11.00 – 11.30 Coffee break
13.00 – 14.00 Lunch
15.30 – 16.00 Coffee
The leading news story in the September 4 1965 issue of The Drapers Record, reported that despite the record levels of school leavers entering the job market, fewer young people were choosing retail work, leaving department stores short staffed. Low wages and low prestige were given as the main reasons why young women in particular were turning their back on shop work. At the same time, both the trade press, and popular journalism more generally, were regularly reporting on the rapid proliferation of boutiques and running features on the new fashionable figures of owner-designers and high profile fashion buyers.
This paper sets out to explore the ways in which the world of retailing reported in the trade and general press compares with the ways in which it was imagined and narrated within the pages of the popular young women’s magazine Honey (Fleetway, 1960-1986) during the 1960s.
Honey was renowned for its innovative approach to fashion, marketing and branding, going so far as to launch a series of ‘Honey boutiques’ in regional department stores where customers could be sure to find the clothes featured in the magazines and be served by knowledgeable, friendly and fashionable ‘honey girls’. The magazine was also keen to educate its readers on wide range of careers and jobs and ran features on retailing, fashion buying and retail management together with profiles of figures such as Vanessa Denza, the feted fashion buyer for Woolands of Knightsbridge. In contrast to the trade papers’ pessimistic forecast of young workers in retail the magazine constructs retail identities as modern, attractive and fashionable.
The paper proposes that an investigation of these contrasting images of retail work is revealing both of the rapid changes and transformations in the world of fashion retailing and also to lives of young women in the period and in particular the construction of the independent single girl as both shopper and sales assistant.
Sabine Chaouche, University of Oxford, ‘Attracting “Freshers”: Business Practices and Strategies in Nineteenth-century Oxford’
In 1877, Oscar Wilde, then student at Magdalen College, was summoned by the University of Oxford proctors to appear before the Vice-Chancellor’s Court concerning a £30 debt. Fashionable goods such as a felt hat, a superior suit, and silk scarves had been ordered from Joseph Muir, tailor and shoe maker, 34 High Street and not paid for. Offences by students at Oxford such as debts increased dramatically from the 1830s onwards. Debts suggest that students played an active role in the economic growth of Oxford in the nineteenth-century but also that retail strategies were most likely put in place by merchants to encourage students to buy constantly new products or goods.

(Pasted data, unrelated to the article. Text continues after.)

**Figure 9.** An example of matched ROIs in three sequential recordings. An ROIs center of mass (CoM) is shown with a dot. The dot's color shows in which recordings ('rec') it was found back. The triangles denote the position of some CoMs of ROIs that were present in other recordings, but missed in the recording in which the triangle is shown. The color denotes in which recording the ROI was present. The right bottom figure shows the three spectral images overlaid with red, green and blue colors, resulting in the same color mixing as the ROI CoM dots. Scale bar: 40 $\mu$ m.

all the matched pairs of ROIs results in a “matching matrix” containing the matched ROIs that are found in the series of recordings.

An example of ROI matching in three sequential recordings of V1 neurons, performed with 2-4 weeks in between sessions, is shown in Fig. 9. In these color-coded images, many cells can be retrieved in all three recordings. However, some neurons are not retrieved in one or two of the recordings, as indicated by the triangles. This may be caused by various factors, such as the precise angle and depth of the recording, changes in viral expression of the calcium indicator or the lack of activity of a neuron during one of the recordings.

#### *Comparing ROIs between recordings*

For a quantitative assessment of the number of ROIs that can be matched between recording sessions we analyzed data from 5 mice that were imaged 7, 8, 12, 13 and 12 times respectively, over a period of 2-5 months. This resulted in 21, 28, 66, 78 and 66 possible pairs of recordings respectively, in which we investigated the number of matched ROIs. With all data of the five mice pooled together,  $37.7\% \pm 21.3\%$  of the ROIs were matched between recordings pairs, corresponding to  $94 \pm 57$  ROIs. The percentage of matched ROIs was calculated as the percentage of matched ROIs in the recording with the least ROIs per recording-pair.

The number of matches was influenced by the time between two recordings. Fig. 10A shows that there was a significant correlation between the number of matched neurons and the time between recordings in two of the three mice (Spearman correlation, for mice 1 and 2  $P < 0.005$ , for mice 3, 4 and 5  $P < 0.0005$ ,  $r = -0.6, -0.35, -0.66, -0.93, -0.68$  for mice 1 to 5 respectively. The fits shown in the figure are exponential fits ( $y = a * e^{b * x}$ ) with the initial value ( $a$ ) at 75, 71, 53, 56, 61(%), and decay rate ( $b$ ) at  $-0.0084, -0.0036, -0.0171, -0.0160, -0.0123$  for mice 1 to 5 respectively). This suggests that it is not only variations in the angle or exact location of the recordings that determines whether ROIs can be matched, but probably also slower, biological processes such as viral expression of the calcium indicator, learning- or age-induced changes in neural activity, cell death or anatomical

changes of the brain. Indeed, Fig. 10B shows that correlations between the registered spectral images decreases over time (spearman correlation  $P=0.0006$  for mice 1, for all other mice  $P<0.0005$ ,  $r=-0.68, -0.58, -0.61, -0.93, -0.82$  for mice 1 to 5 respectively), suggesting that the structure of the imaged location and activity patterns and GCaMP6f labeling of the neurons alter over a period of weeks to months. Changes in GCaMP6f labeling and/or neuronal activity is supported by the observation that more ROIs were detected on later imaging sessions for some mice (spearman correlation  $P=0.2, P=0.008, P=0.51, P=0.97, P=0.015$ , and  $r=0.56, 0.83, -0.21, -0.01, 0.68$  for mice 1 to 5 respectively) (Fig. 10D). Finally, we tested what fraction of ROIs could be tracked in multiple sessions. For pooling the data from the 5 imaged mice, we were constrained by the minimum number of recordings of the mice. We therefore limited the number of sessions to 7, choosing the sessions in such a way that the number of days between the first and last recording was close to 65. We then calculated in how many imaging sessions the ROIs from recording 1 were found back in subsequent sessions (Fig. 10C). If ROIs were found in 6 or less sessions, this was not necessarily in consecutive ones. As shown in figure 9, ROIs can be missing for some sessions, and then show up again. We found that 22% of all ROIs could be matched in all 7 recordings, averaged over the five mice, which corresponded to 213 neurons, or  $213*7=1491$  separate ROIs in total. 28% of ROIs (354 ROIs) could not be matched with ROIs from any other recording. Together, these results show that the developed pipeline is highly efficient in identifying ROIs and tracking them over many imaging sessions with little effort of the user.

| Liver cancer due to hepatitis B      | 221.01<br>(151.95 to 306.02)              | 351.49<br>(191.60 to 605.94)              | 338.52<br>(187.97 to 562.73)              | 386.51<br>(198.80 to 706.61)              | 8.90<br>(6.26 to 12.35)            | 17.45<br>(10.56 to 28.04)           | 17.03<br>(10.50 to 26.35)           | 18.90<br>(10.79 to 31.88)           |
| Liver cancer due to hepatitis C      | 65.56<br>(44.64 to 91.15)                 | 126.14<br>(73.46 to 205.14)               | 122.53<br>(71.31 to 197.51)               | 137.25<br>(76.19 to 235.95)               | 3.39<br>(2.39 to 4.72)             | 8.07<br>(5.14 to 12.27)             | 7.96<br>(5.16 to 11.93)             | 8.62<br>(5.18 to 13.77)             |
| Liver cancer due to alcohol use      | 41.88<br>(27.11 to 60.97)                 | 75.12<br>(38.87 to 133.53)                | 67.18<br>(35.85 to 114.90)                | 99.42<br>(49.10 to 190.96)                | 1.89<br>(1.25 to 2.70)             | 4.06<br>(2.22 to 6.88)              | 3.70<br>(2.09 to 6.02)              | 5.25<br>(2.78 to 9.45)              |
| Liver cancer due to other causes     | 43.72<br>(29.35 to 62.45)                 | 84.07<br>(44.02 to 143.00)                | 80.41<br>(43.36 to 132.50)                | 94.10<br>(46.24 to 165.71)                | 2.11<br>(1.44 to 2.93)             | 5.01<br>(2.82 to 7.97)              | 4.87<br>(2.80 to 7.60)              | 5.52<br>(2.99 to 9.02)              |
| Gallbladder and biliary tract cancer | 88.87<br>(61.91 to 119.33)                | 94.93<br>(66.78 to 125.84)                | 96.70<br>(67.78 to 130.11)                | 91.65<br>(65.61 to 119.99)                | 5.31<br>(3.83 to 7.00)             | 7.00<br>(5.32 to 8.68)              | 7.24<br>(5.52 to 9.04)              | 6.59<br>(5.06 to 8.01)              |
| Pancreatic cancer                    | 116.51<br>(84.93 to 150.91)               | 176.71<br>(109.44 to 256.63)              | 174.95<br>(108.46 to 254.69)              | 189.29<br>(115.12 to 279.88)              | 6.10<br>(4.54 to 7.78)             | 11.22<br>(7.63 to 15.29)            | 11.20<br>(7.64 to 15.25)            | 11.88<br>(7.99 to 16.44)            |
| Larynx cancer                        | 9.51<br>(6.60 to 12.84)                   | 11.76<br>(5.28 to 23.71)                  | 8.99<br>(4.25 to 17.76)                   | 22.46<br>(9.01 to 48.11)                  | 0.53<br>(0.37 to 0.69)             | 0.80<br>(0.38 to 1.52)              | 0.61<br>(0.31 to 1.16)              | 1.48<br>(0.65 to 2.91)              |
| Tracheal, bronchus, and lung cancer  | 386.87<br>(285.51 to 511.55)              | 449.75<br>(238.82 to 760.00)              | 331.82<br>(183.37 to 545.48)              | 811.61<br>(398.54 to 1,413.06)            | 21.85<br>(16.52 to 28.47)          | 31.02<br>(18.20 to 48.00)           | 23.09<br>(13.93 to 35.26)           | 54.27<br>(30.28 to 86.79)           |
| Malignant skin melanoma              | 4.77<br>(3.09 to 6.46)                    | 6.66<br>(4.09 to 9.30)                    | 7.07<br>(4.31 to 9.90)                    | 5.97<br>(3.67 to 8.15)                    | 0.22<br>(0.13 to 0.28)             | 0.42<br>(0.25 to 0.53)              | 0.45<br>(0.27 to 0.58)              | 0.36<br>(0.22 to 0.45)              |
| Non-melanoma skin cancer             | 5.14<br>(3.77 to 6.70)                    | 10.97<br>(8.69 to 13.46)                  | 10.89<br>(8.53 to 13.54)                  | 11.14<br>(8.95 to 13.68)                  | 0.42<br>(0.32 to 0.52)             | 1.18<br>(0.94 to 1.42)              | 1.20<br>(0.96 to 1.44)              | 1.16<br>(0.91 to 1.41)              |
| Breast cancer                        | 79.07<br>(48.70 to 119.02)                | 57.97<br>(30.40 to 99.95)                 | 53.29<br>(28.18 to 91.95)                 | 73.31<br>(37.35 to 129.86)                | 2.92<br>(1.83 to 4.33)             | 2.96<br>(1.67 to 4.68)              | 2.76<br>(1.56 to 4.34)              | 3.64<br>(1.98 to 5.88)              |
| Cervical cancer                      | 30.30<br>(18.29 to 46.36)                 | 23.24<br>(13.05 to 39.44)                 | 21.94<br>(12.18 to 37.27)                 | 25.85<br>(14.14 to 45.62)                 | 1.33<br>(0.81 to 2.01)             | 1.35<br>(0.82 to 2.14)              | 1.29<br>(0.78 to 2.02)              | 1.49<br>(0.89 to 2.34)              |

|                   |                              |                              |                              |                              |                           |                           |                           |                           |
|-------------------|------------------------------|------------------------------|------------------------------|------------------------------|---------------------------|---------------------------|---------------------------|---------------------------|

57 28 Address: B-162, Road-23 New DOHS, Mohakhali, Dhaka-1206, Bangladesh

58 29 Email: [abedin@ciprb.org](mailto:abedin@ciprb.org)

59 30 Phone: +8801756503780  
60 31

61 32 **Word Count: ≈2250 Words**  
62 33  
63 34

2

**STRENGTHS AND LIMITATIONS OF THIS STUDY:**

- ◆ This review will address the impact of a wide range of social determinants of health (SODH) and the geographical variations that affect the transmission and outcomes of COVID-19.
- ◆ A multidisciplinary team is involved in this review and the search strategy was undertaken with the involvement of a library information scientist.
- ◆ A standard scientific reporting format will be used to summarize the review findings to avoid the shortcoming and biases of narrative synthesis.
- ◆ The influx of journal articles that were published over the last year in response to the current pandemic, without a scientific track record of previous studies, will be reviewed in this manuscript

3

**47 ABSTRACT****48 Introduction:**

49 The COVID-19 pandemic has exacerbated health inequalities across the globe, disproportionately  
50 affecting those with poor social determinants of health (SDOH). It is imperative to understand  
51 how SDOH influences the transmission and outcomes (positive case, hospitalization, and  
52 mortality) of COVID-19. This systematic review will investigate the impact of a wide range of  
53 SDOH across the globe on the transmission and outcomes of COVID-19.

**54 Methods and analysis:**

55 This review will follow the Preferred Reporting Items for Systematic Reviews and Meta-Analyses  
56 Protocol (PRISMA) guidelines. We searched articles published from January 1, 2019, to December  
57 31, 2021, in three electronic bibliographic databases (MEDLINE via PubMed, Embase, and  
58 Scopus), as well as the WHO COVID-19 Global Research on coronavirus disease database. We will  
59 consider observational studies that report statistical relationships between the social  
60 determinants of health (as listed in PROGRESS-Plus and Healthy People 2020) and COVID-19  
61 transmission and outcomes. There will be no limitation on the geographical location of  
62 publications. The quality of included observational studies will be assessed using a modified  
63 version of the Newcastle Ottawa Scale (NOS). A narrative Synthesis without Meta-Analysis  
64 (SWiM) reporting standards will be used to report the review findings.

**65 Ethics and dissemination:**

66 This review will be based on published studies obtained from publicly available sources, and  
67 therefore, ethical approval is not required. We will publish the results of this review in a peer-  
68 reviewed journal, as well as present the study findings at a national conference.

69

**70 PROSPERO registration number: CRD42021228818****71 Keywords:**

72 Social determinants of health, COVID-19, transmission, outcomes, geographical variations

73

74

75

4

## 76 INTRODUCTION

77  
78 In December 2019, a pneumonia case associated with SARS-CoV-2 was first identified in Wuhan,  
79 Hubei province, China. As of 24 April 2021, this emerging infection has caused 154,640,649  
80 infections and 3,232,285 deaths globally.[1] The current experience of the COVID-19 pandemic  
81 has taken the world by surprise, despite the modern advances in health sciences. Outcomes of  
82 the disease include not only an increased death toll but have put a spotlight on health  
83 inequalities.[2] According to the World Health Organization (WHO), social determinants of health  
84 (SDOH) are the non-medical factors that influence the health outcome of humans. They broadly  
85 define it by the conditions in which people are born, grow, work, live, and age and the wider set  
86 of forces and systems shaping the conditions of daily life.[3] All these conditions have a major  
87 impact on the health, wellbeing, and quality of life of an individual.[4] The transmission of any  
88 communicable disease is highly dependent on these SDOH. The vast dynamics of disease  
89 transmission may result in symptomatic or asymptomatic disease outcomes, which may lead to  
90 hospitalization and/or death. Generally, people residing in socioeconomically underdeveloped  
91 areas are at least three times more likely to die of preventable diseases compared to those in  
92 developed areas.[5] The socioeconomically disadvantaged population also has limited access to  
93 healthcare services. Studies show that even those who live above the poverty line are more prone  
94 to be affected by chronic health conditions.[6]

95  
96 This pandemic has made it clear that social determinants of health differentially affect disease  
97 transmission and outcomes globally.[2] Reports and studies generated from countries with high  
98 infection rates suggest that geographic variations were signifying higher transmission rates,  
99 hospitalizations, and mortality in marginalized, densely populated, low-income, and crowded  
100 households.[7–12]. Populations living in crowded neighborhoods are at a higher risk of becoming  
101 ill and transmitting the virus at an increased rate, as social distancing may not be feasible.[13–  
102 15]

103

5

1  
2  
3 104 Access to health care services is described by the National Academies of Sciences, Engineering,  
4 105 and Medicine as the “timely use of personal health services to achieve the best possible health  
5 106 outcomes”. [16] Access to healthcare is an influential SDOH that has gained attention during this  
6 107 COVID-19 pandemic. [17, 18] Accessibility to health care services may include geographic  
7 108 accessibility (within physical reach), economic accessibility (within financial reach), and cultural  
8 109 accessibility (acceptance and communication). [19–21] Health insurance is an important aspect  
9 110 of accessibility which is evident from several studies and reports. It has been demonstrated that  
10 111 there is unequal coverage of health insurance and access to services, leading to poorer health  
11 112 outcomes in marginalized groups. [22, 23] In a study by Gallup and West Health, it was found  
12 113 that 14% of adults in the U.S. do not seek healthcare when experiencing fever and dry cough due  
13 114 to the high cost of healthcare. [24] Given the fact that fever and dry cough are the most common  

The historiography of consumption―and even ‘mass consumption’ (e.g. pioneer works such as by Rosalind Williams, The Coming of the Mass Market, 1850-1914 by Hamish Fraser)―shows a plethora of works on women but a huge unbalance still prevails in the field since male consumption has clearly been overlooked. Hitherto, very few works entirely and exclusively devoted to the subject can be mentioned: Men and Meanswear. Sartorial Consumption in Britain, 1880-1936 by Laura Ugolini (2007). Both authors .
This paper will essentially examine the relationship between town and gown from a social and economic point of view. It will mostly focus on the way in which tradesmen tried to attract unexperienced consumers, the “freshers”, and how they drove student’s consumption, channelling their demand. Based on a set of primary sources such as bills and ephemera (advertisement), as well as novels, this paper will therefore analyse the commercial practices and business strategies during the period, questioning the consuming process.